On paper, the Toshiba MK1032GSX is only really bested by the Scorpio WD2500BEVS in the capacity department. The Scorpio WD2500BEVS is a much newer drive, but we are still surprised to see just how much better it performs than the Toshiba MK1032GSX, which is made more evident by the HD Tach results. In addition, we are glad and impressed to see that the Scorpio WD2500BEVS doesn't get a serious beatdown from the WD5000KS, which has a big advantage over the Scorpio WD2500BEVS.
|Performance Summary and Conclusion|
Performance Summary: The Scorpio WD2500BEVS performed quite well. We were very happy with its performance compared to the Toshiba 5400RPM 2.5" drive. And we were pleasantly surprised with how its performance still looked pretty good in comparison to a 7200RPM 3.5" desktop hard drive. Considering the Scorpio WD2500BEVS is a 5400RPM 2.5"drive, we were left with a very good impression overall.
If you want one of the largest capacities available in a 2.5" hard drive, then you will have to consider the Western Digital Scorpio WD2500BEVS. And that is a good thing, based on how well the drive performed. We would use the Scorpio WD2500BEVS to replace the drive in our Toshiba Portege M400 without hesitation, more so for the performance gain than the capacity increase in our case.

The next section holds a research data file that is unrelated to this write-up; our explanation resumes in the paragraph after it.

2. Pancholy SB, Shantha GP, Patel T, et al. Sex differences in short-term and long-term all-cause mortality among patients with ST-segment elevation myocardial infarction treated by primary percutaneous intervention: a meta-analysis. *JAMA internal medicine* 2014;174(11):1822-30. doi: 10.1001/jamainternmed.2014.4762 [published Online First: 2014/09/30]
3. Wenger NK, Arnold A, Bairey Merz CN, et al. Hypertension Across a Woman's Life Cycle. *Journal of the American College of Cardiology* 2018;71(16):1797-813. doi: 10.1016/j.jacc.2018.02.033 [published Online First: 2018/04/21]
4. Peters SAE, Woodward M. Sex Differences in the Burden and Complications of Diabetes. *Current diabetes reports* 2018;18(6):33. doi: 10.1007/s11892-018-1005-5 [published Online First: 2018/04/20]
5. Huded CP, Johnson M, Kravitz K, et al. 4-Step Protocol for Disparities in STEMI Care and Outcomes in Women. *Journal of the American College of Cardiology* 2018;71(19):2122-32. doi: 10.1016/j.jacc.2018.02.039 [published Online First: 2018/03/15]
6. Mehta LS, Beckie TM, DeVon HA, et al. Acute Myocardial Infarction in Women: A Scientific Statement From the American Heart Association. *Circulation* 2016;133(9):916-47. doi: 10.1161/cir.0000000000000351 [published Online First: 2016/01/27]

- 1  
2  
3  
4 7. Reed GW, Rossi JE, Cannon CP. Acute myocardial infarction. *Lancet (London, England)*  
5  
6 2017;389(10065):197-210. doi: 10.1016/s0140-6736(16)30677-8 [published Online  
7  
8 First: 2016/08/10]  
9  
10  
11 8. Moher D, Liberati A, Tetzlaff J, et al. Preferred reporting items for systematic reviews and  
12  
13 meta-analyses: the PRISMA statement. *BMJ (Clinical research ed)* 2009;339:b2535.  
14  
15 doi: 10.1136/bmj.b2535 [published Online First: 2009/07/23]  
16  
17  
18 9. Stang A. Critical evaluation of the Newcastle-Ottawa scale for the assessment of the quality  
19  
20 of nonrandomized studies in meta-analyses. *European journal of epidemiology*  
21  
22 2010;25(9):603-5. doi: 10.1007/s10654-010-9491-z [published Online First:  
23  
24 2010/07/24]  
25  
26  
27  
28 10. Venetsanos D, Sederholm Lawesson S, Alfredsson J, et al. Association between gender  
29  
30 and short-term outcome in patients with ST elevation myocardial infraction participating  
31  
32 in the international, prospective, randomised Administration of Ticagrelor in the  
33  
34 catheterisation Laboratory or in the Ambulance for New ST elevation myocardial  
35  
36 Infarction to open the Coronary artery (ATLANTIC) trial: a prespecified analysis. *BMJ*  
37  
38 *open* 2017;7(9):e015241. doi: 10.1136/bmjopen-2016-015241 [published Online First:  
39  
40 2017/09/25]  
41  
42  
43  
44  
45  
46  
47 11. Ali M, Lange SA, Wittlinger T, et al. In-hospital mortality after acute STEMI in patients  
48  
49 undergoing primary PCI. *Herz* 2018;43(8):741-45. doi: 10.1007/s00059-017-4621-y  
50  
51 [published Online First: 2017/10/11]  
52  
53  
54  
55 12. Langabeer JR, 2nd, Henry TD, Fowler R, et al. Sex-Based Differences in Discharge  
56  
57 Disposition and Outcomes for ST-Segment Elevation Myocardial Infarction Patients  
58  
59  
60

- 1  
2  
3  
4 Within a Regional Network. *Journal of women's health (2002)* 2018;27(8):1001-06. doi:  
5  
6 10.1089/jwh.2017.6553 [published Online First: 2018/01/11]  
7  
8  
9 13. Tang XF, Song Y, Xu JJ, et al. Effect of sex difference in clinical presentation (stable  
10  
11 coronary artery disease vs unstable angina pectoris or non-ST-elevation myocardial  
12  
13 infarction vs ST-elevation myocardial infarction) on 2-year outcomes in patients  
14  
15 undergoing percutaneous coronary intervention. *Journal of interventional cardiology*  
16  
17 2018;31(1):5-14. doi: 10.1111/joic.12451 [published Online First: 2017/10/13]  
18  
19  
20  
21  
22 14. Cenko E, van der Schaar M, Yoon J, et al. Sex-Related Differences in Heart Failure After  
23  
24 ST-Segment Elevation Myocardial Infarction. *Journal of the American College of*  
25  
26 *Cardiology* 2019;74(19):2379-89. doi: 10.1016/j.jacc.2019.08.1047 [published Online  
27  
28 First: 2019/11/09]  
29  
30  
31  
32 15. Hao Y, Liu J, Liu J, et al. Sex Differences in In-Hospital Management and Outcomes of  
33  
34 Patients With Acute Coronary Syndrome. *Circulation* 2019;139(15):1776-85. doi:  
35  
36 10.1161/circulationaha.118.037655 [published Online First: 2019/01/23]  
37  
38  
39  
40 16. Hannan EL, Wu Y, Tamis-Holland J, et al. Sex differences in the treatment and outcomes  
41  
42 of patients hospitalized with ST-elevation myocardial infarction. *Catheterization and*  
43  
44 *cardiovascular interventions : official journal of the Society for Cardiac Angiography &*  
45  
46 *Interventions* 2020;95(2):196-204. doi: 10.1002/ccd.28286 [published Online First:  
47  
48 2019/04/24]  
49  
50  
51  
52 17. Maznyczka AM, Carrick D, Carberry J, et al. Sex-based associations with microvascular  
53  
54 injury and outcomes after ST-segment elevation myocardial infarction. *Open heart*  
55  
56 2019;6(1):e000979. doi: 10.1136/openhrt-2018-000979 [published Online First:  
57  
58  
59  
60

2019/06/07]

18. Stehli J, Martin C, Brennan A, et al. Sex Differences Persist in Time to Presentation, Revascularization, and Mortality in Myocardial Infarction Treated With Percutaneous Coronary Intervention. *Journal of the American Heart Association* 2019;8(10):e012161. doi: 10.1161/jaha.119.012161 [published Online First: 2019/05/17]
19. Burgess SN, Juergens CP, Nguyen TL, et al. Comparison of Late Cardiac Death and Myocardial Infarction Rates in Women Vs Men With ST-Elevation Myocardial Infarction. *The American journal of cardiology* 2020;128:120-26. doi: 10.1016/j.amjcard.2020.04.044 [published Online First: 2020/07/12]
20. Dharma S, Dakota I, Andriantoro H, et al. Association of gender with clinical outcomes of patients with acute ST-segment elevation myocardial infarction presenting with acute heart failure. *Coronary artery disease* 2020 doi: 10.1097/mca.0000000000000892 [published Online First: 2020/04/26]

Without testing more mobile hard drives, we can't definitively say the Scorpio WD2500BEVS is a top performer, but we do know that if maximizing storage space without sacrificing performance is your concern, then the Scorpio WD2500BEVS should suit your needs quite well. Plus, it will do so quietly. We barely heard a peep out of the drive during all of our testing. Another factor we always like to note is the length of a product's warranty, and in this case, we are happy to report that Western Digital backs its Scorpio line with 3 years of coverage.
The WD2500BEVS is currently the largest Scorpio drive offered by Western Digital, and as we mentioned earlier, it is one of the highest capacity 2.5" hard drives on the market. Unfortunately, that means that you need to have a big budget to afford one. The high-end of 2.5" drive pricing hovers around $220. This drive costs around $190. For about $90-100 less, however, you can get a 160GB version of this drive. With that said, we can easily recommend the Western Digital Scorpio line based on our experience. If you know you need the large capacity offered by the Scorpio WD2500BEVS specifically, go for it - this is a great drive. If you don't need all that storage space in your laptop though, save a bundle by going with the 160GB version.